– PMF
    Jun 26, 2022 at 9:49
  • \$\begingroup\$ I do know what electrolitic capacitors are, but I've never encountered this form, and I was unsure because it does not have the capacitance printed on it. I even have some spare ones around, and a soldering iron. The main problem is that I'm rather bad at soldering... \$\endgroup\$
    – PMF
    Jun 26, 2022 at 9:51
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    \$\begingroup\$ Your assumption agrees with a previous observation: Last year, the pilot suddenly experienced the problem of regular restarts, particularly when the engine was running. I then "solved" that by wiring a new and thicker power cable. \$\endgroup\$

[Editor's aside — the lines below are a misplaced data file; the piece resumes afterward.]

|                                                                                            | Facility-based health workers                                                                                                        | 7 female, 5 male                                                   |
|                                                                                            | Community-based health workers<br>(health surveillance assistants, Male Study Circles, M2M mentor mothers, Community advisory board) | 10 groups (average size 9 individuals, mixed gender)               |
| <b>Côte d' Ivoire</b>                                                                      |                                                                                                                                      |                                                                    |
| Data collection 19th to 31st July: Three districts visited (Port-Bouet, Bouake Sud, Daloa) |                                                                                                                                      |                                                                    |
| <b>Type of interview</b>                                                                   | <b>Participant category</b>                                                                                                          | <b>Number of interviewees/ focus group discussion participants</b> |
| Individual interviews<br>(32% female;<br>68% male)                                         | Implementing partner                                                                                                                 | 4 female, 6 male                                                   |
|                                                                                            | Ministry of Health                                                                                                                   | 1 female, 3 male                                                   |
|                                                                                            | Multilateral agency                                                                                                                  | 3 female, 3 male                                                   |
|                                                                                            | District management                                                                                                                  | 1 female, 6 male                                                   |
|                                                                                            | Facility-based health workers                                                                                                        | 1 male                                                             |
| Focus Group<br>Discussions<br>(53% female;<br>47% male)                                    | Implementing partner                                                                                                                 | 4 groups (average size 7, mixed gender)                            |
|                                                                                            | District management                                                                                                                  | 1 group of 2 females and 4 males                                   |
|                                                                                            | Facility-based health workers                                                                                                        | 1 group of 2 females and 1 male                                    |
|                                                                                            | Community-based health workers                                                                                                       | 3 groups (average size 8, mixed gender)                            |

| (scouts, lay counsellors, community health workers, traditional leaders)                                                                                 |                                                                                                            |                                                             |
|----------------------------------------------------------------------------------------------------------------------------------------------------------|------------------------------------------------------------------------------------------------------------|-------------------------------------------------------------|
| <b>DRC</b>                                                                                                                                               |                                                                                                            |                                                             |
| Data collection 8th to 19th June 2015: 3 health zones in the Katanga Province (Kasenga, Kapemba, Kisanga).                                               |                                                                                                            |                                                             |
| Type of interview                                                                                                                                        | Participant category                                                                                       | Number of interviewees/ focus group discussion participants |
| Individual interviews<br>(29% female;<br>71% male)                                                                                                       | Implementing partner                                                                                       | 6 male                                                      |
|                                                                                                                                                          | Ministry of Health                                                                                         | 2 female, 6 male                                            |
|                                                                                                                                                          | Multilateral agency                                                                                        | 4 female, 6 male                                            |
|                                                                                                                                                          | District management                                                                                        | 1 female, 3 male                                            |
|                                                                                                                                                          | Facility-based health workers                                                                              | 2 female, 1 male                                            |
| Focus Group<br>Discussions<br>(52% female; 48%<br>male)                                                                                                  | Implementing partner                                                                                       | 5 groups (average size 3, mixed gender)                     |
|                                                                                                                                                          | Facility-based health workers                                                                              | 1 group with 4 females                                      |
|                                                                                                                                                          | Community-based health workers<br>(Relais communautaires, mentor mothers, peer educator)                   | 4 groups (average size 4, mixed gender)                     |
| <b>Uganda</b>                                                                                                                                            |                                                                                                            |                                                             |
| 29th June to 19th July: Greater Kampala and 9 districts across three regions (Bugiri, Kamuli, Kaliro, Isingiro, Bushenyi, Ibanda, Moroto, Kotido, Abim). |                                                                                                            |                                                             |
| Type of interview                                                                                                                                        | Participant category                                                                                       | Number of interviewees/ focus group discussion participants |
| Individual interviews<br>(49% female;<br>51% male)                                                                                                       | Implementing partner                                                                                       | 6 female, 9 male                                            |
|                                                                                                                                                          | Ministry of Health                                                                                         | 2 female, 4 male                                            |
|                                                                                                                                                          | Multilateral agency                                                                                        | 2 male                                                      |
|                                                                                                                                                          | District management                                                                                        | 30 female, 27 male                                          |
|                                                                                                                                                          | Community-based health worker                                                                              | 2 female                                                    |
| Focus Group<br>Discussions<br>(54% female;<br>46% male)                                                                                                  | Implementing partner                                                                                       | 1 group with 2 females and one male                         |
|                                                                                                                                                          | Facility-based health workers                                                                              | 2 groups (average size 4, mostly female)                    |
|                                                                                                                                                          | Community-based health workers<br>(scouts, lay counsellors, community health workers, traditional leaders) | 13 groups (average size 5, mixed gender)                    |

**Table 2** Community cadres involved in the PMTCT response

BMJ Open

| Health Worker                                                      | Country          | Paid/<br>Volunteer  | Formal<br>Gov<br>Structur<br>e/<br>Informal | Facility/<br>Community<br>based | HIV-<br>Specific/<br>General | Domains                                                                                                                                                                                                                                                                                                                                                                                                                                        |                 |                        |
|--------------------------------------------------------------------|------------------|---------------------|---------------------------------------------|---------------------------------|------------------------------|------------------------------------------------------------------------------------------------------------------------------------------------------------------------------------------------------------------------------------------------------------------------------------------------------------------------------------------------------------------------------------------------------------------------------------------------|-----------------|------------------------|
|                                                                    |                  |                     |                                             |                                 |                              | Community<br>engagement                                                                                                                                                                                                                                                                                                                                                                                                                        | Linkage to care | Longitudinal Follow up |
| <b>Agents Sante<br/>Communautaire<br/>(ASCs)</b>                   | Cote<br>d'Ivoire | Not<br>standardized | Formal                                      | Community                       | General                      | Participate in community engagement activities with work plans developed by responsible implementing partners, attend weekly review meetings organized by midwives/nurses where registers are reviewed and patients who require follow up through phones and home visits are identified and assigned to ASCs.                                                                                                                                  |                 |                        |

– PMF
    Jun 26, 2022 at 9:53
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    \$\begingroup\$ Found this video: youtube.com/watch?v=tYc45QJNc5w. At 09:30 one can quickly see that that capacitor really should be there. One last question: Does the black marking on these capacitors mark the positive or the negative lead? \$\endgroup\$
    – PMF
    Jun 26, 2022 at 10:54
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    \$\begingroup\$ If pads are not conductive, they might be ripped off with the capactor. The picture looks like there is a copper trace leading to a pad but it has risen up. So the pads may be gone but feel free to take a photo with the pads cleary visible to confirm. Electrolytics have black marking on negative terminal. \$\endgroup\$
    – Justme
    Jun 26, 2022 at 11:29